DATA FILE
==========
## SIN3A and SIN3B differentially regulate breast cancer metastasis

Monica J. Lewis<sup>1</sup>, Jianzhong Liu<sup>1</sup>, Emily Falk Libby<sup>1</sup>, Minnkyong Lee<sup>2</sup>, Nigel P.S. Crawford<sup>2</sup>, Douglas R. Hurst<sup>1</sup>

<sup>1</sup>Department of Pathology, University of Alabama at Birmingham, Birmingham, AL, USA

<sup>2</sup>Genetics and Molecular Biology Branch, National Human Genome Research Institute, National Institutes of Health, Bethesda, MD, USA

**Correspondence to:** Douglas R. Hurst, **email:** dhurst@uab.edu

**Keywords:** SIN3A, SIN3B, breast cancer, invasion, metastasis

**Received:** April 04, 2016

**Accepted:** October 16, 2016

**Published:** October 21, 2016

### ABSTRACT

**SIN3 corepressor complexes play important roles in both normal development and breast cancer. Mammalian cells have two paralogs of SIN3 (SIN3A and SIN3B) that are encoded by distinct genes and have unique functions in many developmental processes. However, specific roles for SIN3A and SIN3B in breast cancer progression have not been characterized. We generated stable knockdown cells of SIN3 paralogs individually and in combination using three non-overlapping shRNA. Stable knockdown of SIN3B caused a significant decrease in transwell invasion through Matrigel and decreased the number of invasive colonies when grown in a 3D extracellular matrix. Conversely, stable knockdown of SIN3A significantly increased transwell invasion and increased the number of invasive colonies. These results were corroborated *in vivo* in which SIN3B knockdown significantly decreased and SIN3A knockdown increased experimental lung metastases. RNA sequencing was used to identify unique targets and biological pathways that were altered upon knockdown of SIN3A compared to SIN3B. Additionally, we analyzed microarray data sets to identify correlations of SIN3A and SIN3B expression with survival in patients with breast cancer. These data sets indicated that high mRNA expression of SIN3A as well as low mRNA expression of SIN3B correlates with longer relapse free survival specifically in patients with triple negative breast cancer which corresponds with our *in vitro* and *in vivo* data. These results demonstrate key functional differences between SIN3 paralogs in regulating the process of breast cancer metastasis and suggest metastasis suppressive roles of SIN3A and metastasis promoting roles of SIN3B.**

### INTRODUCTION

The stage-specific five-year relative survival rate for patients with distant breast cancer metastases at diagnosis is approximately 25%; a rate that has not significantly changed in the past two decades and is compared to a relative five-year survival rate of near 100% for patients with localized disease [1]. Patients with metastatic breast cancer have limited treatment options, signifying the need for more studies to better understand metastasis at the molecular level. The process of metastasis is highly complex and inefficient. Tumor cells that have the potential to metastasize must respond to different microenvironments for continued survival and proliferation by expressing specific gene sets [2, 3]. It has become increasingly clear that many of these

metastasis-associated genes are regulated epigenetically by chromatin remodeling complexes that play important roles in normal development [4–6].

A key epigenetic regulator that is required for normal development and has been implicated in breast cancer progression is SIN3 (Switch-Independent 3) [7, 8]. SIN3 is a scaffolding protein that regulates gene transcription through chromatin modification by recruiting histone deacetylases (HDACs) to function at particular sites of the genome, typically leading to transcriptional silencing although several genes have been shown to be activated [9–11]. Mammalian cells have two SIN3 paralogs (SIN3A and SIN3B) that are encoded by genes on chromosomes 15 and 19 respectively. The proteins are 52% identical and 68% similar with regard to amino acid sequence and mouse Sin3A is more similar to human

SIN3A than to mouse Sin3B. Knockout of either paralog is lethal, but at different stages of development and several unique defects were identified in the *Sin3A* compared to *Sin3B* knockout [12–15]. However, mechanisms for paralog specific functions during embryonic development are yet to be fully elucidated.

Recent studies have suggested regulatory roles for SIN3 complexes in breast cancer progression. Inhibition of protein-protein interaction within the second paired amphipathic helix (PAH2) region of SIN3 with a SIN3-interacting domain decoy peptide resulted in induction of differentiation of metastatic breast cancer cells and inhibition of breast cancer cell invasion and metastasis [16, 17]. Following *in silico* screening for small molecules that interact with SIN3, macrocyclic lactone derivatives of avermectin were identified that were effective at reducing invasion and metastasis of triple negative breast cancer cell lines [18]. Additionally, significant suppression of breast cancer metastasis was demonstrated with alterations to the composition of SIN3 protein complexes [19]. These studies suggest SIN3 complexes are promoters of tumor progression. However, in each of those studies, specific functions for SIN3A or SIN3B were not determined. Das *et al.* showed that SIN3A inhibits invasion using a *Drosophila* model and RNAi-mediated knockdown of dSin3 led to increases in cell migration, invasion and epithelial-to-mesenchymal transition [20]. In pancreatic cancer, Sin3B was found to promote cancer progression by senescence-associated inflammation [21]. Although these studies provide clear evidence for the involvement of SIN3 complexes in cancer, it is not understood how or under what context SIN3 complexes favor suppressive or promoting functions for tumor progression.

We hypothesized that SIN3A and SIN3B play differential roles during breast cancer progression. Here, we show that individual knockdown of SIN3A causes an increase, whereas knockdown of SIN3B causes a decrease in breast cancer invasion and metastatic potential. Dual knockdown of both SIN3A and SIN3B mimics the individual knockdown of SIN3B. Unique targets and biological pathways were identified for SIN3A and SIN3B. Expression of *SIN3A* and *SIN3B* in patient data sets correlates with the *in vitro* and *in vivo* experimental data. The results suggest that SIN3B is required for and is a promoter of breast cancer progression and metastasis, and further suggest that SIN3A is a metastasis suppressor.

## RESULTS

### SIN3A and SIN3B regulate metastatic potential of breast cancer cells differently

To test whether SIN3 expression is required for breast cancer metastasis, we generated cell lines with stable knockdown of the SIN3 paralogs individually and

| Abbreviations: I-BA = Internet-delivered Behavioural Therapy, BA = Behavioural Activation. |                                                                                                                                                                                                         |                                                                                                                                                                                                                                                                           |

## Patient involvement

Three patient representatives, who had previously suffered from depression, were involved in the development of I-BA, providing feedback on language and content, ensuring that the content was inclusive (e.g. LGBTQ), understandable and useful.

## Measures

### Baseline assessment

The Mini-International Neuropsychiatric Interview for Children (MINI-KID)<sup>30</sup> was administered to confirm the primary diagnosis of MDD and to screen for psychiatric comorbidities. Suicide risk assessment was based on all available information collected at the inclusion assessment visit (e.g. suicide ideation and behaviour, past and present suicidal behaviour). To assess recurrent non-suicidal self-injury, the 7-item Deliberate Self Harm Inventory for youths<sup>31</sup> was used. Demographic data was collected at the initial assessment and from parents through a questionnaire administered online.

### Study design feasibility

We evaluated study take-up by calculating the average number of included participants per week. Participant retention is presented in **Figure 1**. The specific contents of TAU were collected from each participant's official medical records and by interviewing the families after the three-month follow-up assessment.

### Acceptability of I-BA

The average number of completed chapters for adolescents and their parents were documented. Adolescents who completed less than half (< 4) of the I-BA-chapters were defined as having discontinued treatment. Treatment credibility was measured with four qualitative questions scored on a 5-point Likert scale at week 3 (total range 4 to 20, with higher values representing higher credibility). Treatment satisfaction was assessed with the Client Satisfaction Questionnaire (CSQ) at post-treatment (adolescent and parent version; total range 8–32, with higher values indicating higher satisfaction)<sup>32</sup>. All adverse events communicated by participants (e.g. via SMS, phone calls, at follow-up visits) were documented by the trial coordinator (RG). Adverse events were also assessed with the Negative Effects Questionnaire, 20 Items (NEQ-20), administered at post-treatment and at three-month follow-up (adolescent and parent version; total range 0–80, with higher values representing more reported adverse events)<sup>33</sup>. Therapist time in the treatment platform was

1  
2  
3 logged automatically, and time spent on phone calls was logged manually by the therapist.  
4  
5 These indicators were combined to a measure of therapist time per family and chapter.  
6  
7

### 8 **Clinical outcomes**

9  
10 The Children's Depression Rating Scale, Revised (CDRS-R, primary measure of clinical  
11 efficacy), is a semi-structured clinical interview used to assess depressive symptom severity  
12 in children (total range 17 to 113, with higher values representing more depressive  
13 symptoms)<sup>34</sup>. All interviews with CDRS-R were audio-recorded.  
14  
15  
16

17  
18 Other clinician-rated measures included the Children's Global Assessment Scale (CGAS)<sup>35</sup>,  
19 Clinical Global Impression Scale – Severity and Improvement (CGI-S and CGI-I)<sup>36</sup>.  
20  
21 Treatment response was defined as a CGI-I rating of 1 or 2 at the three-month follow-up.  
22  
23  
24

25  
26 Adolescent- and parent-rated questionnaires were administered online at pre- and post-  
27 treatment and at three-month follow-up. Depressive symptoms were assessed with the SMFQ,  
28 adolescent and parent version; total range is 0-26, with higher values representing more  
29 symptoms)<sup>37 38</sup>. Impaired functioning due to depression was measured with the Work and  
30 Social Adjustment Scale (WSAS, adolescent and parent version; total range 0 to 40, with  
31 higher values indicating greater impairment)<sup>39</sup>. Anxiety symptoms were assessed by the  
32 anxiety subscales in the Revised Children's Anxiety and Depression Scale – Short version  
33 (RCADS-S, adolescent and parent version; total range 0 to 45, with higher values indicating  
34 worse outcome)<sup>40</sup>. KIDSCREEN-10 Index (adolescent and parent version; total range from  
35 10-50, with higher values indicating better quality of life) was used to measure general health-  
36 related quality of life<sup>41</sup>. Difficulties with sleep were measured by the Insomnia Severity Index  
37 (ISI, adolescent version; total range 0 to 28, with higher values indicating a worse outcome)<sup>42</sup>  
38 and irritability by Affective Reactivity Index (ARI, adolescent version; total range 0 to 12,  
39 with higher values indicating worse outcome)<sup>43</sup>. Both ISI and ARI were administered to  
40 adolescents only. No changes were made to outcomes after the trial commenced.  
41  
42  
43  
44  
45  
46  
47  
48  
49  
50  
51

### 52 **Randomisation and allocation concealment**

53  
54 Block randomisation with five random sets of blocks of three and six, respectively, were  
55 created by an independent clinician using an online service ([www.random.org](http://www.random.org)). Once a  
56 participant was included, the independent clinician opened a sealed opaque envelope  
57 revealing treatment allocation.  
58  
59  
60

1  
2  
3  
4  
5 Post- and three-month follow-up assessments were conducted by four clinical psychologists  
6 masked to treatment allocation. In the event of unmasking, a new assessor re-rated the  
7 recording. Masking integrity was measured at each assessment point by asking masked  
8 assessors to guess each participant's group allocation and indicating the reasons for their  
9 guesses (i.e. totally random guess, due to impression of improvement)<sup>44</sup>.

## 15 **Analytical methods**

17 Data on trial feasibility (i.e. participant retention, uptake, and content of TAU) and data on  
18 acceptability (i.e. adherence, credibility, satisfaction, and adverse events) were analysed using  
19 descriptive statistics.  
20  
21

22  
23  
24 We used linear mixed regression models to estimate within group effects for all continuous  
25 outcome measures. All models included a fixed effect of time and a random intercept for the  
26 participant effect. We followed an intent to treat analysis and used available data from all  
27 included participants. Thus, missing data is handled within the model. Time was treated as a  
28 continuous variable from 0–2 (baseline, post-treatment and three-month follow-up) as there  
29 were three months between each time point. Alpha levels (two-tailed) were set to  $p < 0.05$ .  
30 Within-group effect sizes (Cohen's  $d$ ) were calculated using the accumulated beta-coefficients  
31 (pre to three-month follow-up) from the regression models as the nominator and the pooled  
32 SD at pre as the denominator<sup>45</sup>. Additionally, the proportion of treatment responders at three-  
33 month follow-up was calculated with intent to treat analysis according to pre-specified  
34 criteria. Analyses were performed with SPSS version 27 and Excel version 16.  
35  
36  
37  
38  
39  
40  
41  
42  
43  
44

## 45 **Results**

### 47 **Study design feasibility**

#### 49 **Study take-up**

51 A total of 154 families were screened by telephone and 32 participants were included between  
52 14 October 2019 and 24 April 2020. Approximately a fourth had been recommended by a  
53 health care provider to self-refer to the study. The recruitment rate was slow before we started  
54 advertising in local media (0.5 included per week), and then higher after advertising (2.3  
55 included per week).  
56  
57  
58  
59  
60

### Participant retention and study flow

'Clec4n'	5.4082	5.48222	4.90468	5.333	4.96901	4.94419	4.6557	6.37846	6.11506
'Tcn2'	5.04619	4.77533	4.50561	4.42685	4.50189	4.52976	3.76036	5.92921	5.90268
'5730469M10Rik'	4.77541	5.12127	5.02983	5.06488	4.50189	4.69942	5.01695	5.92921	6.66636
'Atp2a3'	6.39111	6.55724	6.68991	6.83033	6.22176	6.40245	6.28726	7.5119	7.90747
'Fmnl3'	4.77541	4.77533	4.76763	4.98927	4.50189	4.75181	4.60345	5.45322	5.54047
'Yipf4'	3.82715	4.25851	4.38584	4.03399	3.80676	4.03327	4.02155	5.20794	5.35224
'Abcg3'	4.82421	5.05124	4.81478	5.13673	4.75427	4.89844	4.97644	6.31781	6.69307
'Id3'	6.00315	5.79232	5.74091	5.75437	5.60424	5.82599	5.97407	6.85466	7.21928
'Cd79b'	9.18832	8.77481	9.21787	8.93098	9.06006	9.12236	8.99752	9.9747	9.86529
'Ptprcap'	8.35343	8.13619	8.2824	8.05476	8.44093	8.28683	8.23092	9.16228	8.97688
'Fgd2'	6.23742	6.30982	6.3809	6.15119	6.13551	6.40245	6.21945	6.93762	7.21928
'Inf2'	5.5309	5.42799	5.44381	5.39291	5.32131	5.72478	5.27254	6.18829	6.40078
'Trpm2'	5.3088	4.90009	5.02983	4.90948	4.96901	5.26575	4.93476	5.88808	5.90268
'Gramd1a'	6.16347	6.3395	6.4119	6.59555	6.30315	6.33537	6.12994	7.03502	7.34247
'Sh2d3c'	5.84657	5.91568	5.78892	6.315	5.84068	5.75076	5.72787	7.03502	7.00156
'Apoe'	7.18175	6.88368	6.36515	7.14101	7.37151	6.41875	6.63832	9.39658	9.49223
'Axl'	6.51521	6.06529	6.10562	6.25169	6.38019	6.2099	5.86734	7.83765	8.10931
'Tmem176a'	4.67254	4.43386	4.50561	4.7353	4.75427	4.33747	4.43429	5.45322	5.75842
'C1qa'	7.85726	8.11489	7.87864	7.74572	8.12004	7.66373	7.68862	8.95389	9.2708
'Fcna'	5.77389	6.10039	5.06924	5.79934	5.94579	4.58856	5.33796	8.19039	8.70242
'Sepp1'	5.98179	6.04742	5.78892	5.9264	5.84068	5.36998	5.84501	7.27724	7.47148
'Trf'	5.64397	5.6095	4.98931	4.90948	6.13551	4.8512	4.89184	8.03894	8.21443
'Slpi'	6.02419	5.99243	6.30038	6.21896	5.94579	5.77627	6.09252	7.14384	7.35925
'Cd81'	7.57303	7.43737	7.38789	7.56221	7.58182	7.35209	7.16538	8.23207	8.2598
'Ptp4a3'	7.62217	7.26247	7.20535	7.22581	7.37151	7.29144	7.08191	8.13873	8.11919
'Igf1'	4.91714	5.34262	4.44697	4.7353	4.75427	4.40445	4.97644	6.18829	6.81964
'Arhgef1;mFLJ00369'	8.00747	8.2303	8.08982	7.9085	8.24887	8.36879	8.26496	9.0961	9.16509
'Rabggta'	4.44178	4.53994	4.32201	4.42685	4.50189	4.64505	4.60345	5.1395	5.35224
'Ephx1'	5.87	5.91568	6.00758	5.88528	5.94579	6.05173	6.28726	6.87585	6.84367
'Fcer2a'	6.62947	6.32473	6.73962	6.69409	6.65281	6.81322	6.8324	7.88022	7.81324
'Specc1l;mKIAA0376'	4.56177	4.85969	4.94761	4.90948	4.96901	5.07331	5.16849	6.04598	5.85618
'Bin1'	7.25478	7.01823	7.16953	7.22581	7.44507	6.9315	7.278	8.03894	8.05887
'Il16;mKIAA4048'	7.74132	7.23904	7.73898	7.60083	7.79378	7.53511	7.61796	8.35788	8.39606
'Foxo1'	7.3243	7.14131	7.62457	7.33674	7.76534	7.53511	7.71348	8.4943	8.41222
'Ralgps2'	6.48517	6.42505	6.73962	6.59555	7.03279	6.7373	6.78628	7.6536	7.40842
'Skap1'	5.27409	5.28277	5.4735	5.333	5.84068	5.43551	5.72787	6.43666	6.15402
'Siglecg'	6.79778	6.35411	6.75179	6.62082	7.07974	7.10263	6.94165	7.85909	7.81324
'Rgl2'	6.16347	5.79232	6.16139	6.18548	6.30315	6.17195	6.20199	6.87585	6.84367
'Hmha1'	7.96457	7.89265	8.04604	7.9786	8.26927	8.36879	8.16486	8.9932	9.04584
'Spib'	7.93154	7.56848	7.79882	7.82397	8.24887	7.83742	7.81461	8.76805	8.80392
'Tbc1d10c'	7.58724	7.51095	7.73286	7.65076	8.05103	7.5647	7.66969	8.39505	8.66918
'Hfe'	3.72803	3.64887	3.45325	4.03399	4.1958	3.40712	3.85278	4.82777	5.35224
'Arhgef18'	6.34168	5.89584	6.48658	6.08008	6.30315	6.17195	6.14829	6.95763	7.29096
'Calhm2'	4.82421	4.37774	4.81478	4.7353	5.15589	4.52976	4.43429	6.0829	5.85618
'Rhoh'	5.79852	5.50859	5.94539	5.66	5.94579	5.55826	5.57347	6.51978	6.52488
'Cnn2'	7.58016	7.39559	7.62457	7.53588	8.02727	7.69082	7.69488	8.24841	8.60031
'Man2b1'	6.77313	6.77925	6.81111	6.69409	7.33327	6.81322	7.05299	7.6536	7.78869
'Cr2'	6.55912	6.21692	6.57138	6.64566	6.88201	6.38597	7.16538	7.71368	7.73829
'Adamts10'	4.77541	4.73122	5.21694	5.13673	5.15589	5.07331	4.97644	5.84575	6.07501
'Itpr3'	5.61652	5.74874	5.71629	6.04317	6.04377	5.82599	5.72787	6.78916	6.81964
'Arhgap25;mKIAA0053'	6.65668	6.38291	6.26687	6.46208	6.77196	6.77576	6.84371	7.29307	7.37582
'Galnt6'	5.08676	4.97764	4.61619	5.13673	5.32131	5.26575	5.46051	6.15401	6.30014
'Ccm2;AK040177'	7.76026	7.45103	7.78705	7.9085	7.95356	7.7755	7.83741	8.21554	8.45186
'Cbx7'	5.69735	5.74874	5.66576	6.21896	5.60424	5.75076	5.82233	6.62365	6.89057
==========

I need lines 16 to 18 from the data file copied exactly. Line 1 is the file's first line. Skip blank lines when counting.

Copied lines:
SIN3A than to mouse Sin3B. Knockout of either paralog is lethal, but at different stages of development and several unique defects were identified in the *Sin3A* compared to *Sin3B* knockout [12–15]. However, mechanisms for paralog specific functions during embryonic development are yet to be fully elucidated.

Recent studies have suggested regulatory roles for SIN3 complexes in breast cancer progression. Inhibition of protein-protein interaction within the second paired amphipathic helix (PAH2) region of SIN3 with a SIN3-interacting domain decoy peptide resulted in induction of differentiation of metastatic breast cancer cells and inhibition of breast cancer cell invasion and metastasis [16, 17]. Following *in silico* screening for small molecules that interact with SIN3, macrocyclic lactone derivatives of avermectin were identified that were effective at reducing invasion and metastasis of triple negative breast cancer cell lines [18]. Additionally, significant suppression of breast cancer metastasis was demonstrated with alterations to the composition of SIN3 protein complexes [19]. These studies suggest SIN3 complexes are promoters of tumor progression. However, in each of those studies, specific functions for SIN3A or SIN3B were not determined. Das *et al.* showed that SIN3A inhibits invasion using a *Drosophila* model and RNAi-mediated knockdown of dSin3 led to increases in cell migration, invasion and epithelial-to-mesenchymal transition [20]. In pancreatic cancer, Sin3B was found to promote cancer progression by senescence-associated inflammation [21]. Although these studies provide clear evidence for the involvement of SIN3 complexes in cancer, it is not understood how or under what context SIN3 complexes favor suppressive or promoting functions for tumor progression.

We hypothesized that SIN3A and SIN3B play differential roles during breast cancer progression. Here, we show that individual knockdown of SIN3A causes an increase, whereas knockdown of SIN3B causes a decrease in breast cancer invasion and metastatic potential. Dual knockdown of both SIN3A and SIN3B mimics the individual knockdown of SIN3B. Unique targets and biological pathways were identified for SIN3A and SIN3B. Expression of *SIN3A* and *SIN3B* in patient data sets correlates with the *in vitro* and *in vivo* experimental data. The results suggest that SIN3B is required for and is a promoter of breast cancer progression and metastasis, and further suggest that SIN3A is a metastasis suppressor.